Because of the skewed distribution of OD and cpm values, data were log-transformed before analysis, resulting in distributions of residuals not deviating significantly from a normal distribution in the Lilliefors corrected Kolmogorov–Smirnov test. These data were subjected to anova with repeated measurements. Homogeneity of variances was tested by Levene’s tests. Comparisons between time points were made by linear contrasts against the baseline. No correction for multiple testing was applied. P-values below 0.05 were considered significant.
Subcutaneous injection immunotherapy patients develop IgG1, IgG2, and IgG4 responses primarily against Phl p 1, Phl p 2, Phl p 5, and Phl p 6 but no relevant allergen-specific IgA or IgM antibody levels
As shown in Fig. 2, vaccinated patients significantly increased their IgG1 responses against each of the analyzed allergens except against Phl p 12 after one course of SCIT. The increases in IgG1 and IgG4 against Phl p 1, Phl p 2, Phl p 5, and Phl p 6 were strong (Fig. 2A,C), whereas the increases in allergen-specific IgG2 were more moderate but nevertheless highly significant (P < 0.001) (Fig. 2B). No relevant changes in allergen-specific IgA (serum dilution 1 : 100; Fig. 2D) and IgM (serum dilutions: 1 : 10, 1 : 25, 1 : 50) responses were observed for the vaccinated group. Only a slight increase in allergen-specific IgA was noted at a serum dilution of 1 : 10.
Five years after vaccination, the IgG antibody responses were comparable to those found in the pretreatment serum samples (Fig. 2A–D). Patients from the group receiving only anti-inflammatory treatment showed no relevant increases in allergen-specific IgG, IgA, or IgM responses compared with the vaccinated group (Fig. 2A–D).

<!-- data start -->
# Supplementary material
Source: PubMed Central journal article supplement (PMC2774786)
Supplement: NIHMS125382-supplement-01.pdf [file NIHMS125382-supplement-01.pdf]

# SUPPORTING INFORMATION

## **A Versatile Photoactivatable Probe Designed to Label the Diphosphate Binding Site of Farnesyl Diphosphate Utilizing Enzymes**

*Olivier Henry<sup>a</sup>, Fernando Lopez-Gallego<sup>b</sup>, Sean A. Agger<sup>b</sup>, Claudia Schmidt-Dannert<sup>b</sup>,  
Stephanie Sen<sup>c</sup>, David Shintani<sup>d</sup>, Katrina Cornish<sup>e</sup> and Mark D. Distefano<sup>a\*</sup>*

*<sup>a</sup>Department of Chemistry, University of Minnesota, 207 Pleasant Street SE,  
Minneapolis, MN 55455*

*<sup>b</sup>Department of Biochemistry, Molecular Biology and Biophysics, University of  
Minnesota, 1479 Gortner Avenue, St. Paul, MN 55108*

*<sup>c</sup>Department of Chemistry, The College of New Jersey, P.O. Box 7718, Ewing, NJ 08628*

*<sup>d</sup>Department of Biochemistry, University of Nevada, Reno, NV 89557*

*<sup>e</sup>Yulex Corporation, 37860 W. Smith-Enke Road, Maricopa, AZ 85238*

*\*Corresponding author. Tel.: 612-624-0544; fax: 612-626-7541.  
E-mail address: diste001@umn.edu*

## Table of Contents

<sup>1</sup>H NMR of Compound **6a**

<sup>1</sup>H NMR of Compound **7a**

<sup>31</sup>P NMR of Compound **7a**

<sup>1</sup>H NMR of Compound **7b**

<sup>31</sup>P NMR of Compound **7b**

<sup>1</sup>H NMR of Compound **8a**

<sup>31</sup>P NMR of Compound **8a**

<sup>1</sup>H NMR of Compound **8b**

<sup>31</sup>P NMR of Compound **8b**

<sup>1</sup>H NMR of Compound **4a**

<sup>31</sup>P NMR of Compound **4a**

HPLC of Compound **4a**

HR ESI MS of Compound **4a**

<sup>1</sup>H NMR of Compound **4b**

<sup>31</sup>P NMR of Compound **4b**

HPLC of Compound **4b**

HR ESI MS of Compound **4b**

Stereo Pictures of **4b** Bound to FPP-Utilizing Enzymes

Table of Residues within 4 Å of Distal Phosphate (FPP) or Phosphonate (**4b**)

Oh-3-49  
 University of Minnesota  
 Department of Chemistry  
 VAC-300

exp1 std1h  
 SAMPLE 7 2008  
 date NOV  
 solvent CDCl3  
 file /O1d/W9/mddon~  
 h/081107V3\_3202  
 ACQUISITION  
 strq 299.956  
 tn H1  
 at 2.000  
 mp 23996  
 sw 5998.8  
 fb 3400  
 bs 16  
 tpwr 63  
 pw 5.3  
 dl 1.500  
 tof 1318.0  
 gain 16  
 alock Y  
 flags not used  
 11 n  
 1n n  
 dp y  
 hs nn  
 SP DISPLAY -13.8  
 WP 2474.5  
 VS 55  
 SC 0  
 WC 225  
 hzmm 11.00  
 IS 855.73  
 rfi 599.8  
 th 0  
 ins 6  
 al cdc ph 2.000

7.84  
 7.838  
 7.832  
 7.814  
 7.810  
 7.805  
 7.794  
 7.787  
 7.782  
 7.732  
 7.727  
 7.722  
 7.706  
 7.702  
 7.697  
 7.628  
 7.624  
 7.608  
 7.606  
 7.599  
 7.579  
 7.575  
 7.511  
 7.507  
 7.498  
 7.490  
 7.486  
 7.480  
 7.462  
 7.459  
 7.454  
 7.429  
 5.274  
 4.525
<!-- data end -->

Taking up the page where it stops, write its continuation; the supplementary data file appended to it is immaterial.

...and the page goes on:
Subcutaneous injection immunotherapy blunts the boost of allergen-specific IgE responses
Figure 3 shows the development of allergen-specific IgE levels for the major timothy grass pollen allergens Phl p 1 and Phl p 5 and for the unrelated birch pollen allergen Bet v 1. By comparing the median IgE levels in serum samples at T0 and T1, we found a reduction in the median Phl p 1-specific IgE levels in the range of 16.45% for the vaccinated group, whereas the median Phl p 1-specific IgE levels increased slightly in the group of patients receiving only anti-inflammatory treatment. This effect was much stronger for the highly immunogenic grass pollen allergen Phl p 5 (20). A median decrease in Phl p 5-specific IgE levels in the range of 30% was observed for the vaccinated group, whereas strong boost of Phl p 5-specific IgE of 136% was noted for the patients with only anti-inflammatory treatment. Concerning Bet v 1, the comparison of allergen-specific IgE levels at T0 and T1 showed a similar increase in median IgE levels in the vaccinated group and in patients with anti-inflammatory treatment only (i.e., SCIT group: +122%; non-SCIT group: +139%). Phl p 5-specific IgE levels in T2 were higher in both groups compared with those in T0, whereas Phl p 1-specific IgE levels in T2 were comparable with those in T0 in both groups as observed for the unrelated birch pollen allergen Bet v 1 (Fig. 3).
Therapy-induced antibodies utilize both kappa and lambda light chains
In order to investigate the contribution of kappa and lambda chains in the vaccine-induced IgG responses, we determined allergen-specific kappa and lambda reactivities in the sera. Figure 4 shows that only vaccinated patients exhibit a significant induction of kappa and lambda responses against the major allergens Phl p 1 and Phl p 5 from T0 to T1. This response decreased after 5 years. For the minor allergens, Phl p 7 and Phl p 12, no significant development of light chain responses could be detected. The time courses/kinetics and levels of allergen-specific IgG1 and IgG4 responses shown in Fig. 2A,C are similar to those of the light-chain responses but not to those of the other antibody classes and subclasses, suggesting that the detected light chains belong to the corresponding IgG1 and IgG4 heavy chains.